David R. Mole and Peter J. Ratcliffe
University of Oxford, Oxford, United Kingdom
Positional cloning of defective genes that underlie rare hereditary cancer syndromes, such as von Hippel-Lindau disease, has provided many important insights into more common nonhereditary malignancies and the fundamental cellular processes that are involved in oncogenesis. In general, the tumor suppressor functions defined by analysis of such genes have involved a direct role in the regulation of cell proliferation (such as the retinoblastoma gene product, Rb), a direct role in DNA repair (such as MSH2 and MLH1), or a role in linking DNA damage to the arrest of cellular proliferation and apoptosis (such as p53). Such functions fit readily into a simple genetic model of cancer whereby the accrual of mutations allows uncontrolled growth, and genomic instability reinforces the generation of mutant clones with an increasingly aggressive growth advantage.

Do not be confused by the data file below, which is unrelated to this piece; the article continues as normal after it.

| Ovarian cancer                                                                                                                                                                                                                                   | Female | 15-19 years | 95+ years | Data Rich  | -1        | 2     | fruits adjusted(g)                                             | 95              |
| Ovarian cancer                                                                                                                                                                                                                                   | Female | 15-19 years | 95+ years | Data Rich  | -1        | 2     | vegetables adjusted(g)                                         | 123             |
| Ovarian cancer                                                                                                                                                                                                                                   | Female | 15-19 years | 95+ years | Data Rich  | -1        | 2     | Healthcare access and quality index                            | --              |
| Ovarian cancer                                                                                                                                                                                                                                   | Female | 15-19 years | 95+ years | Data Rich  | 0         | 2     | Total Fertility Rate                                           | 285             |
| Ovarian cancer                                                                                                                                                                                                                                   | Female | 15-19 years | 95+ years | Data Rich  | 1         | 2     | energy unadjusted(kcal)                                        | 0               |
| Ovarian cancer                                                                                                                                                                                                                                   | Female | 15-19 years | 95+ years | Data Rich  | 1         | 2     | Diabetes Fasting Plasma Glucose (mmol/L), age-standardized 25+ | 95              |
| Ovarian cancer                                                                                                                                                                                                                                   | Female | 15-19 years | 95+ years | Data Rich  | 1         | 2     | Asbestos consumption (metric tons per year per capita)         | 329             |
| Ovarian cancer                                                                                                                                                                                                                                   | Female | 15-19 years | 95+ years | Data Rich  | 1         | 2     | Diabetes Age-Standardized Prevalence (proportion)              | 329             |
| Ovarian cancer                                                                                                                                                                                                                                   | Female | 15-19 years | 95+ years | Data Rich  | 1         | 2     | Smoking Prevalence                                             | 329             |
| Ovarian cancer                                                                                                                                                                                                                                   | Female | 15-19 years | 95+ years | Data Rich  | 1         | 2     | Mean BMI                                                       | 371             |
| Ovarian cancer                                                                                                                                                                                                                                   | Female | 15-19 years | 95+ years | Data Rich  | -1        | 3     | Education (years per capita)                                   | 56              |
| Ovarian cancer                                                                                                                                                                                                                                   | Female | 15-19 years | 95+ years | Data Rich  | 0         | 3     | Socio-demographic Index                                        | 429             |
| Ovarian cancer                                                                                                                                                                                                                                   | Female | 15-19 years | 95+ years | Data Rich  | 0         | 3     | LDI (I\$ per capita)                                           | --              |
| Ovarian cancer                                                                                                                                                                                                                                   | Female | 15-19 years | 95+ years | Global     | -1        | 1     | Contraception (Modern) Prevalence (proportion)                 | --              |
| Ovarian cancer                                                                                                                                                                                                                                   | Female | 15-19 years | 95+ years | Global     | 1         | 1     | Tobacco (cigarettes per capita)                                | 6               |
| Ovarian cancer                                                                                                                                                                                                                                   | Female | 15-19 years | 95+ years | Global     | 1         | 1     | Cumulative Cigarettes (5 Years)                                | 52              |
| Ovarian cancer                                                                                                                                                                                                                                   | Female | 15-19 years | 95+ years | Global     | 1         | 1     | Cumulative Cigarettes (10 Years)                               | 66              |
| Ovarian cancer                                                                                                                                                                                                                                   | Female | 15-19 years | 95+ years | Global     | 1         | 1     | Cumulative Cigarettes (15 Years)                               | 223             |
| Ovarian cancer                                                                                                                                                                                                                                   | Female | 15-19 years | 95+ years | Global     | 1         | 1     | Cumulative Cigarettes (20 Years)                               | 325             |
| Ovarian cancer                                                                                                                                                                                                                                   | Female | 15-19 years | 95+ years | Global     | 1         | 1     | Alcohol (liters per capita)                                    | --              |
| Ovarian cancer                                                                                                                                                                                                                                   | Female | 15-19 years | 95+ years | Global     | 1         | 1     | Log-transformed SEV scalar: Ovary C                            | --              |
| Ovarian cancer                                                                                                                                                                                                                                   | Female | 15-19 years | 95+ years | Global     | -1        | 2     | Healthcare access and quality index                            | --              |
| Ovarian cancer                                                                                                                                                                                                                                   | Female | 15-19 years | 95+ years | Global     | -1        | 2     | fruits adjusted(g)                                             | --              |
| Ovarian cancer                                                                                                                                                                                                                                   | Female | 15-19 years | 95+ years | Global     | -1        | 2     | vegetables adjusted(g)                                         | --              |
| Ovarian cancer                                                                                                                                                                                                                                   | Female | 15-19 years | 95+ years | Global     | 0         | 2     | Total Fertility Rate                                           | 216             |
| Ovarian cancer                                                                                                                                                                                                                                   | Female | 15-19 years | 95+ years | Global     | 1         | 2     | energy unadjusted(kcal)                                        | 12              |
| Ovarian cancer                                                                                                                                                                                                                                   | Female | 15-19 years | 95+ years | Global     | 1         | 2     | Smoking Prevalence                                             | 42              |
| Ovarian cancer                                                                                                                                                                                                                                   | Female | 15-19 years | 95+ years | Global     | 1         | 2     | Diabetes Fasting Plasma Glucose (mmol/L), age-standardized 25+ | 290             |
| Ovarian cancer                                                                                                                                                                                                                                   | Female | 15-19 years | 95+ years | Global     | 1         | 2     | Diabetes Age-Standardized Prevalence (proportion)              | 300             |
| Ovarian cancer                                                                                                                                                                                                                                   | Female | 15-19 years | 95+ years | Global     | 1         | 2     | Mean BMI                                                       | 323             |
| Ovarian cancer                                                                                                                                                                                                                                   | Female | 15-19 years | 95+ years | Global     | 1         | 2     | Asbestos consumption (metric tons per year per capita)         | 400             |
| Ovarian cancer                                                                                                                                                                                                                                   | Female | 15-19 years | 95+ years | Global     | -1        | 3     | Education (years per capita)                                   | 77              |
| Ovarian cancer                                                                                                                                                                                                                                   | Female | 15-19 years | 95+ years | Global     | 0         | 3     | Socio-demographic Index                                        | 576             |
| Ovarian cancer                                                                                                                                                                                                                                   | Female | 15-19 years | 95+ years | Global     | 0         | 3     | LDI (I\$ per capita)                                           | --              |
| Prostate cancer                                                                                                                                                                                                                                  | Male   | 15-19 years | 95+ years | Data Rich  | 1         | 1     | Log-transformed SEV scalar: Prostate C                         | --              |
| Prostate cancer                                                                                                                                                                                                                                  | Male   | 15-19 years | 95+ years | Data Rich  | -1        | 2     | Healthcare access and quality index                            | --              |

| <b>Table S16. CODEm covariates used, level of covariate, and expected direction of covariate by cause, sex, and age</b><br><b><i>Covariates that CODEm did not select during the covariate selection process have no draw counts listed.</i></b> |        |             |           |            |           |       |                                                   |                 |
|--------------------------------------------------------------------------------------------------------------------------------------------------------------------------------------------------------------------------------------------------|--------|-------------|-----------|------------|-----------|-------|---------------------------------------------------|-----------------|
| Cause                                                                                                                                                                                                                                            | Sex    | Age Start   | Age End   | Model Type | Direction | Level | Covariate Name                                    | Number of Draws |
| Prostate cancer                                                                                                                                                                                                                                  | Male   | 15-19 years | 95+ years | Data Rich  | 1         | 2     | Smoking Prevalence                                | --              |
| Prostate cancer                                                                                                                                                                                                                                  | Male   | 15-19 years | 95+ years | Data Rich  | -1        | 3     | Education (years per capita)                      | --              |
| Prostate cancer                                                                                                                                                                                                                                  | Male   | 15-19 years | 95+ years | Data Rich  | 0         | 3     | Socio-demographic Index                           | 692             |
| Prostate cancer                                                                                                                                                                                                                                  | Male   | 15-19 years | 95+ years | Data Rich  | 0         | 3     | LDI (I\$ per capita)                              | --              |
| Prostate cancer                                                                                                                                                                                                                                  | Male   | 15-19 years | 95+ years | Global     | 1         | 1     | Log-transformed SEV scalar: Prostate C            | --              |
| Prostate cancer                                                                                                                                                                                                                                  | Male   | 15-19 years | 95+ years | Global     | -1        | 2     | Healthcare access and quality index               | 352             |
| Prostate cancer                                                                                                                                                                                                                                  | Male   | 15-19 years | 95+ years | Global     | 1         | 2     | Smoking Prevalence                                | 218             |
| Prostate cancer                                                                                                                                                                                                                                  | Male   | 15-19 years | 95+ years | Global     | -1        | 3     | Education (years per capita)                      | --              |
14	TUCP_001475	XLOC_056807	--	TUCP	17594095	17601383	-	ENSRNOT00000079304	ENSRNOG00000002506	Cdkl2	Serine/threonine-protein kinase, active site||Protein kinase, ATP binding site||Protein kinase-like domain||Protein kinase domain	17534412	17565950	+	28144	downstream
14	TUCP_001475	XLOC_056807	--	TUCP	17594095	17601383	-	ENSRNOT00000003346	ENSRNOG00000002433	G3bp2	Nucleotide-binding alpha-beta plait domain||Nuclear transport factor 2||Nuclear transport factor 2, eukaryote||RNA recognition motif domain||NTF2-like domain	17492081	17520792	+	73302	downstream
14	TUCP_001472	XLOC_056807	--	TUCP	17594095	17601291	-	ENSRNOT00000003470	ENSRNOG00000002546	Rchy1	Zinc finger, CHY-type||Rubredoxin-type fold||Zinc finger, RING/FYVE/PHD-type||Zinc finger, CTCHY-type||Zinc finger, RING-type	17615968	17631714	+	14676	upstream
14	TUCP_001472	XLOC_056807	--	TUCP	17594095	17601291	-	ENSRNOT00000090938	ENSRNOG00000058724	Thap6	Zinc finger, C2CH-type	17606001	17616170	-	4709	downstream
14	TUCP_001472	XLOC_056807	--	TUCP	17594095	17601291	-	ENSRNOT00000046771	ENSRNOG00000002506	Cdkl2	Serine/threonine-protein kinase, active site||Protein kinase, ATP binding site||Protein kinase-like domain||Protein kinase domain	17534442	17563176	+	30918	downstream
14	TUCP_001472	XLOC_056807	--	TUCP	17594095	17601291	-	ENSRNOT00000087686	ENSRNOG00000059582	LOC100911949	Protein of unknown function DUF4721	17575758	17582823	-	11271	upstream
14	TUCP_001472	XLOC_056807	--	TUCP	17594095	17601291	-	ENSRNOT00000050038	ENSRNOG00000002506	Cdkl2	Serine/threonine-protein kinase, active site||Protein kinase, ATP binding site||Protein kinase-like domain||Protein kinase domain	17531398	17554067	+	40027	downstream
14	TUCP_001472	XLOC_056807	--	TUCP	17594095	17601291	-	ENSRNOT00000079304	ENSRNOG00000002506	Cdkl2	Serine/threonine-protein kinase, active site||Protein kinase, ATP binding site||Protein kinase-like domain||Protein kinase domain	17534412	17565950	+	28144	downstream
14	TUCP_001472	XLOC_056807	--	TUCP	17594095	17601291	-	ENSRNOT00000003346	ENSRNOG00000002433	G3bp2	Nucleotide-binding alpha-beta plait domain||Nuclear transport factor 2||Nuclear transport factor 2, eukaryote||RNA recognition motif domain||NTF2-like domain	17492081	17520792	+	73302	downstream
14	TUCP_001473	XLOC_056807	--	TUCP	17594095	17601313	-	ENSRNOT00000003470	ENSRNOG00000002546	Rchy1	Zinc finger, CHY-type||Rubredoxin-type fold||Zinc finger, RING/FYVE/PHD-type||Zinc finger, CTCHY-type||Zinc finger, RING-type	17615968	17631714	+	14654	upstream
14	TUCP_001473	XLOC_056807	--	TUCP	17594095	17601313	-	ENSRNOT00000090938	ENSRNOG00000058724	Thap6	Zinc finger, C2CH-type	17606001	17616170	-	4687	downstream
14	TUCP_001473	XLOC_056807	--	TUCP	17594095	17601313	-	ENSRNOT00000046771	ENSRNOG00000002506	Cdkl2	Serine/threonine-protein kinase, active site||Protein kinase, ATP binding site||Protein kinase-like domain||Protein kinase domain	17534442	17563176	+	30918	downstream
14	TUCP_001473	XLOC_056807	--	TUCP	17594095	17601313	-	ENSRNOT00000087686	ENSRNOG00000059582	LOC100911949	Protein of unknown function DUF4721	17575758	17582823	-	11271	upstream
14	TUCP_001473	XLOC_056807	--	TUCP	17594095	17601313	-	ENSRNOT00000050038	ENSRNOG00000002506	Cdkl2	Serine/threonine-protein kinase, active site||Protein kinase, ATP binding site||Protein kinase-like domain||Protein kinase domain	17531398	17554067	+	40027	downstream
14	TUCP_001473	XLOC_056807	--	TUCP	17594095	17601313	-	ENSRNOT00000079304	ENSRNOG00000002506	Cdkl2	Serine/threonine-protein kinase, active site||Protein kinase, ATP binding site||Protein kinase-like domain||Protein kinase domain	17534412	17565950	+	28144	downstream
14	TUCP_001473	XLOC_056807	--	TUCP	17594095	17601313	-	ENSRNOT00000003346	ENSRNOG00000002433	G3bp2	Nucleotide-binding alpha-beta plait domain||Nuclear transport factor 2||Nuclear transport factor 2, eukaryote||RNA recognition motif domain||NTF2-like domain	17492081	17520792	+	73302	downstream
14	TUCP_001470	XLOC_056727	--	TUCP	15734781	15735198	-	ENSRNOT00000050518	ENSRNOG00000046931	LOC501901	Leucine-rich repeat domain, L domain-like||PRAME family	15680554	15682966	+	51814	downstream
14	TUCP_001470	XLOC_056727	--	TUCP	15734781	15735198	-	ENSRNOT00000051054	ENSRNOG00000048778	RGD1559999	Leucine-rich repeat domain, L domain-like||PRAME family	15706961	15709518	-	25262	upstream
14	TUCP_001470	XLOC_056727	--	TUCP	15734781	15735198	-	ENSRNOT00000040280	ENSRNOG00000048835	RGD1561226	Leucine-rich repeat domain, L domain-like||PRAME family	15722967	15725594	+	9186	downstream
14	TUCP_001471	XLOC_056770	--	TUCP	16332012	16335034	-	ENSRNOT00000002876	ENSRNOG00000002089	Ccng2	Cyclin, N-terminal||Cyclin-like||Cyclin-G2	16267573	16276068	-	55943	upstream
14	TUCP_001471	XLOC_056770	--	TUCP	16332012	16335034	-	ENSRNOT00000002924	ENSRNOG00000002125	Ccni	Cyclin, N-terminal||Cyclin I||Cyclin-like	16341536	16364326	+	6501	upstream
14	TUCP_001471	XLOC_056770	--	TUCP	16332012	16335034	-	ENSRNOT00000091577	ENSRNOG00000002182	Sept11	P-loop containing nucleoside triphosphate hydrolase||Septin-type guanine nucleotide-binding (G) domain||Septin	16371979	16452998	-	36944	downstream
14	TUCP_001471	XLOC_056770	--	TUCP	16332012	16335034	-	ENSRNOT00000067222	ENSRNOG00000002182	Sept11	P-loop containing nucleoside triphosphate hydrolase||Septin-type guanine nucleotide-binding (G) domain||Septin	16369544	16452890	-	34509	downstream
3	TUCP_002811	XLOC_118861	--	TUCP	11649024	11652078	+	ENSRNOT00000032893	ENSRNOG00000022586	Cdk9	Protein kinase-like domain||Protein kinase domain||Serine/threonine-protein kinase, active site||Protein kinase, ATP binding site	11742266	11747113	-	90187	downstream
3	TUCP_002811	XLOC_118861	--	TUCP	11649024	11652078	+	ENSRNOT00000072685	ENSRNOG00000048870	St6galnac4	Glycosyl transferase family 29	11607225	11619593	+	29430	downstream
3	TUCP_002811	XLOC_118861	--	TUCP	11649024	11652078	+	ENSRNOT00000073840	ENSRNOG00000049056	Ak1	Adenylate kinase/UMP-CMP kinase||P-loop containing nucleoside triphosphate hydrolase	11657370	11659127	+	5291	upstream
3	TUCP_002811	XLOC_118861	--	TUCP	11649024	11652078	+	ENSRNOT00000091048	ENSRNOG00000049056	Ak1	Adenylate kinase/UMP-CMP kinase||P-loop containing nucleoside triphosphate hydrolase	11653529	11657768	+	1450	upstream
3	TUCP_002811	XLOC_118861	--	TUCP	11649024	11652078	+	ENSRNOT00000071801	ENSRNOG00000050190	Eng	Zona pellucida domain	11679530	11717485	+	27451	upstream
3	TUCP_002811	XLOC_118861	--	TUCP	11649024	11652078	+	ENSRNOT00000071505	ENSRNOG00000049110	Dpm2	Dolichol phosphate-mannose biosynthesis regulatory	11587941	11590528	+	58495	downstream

Nevertheless tumor development involves many other processes, such as the maintenance of adequate blood oxygen delivery by induction of angiogenesis (indeed the Greek name cancer derives from the crab-like pattern of tumor neovasculature). Von Hippel-Lindau (VHL) disease is one of several hereditary cancer syndrome syndromes associated with excessive angiogenesis, and recent insights into the role of the VHL protein (pVHL) in the development of the abnormal microvasculature seen in this syndrome have led to a greater mechanistic understanding of tumor angiogene-sis and cellular oxygen sensing.
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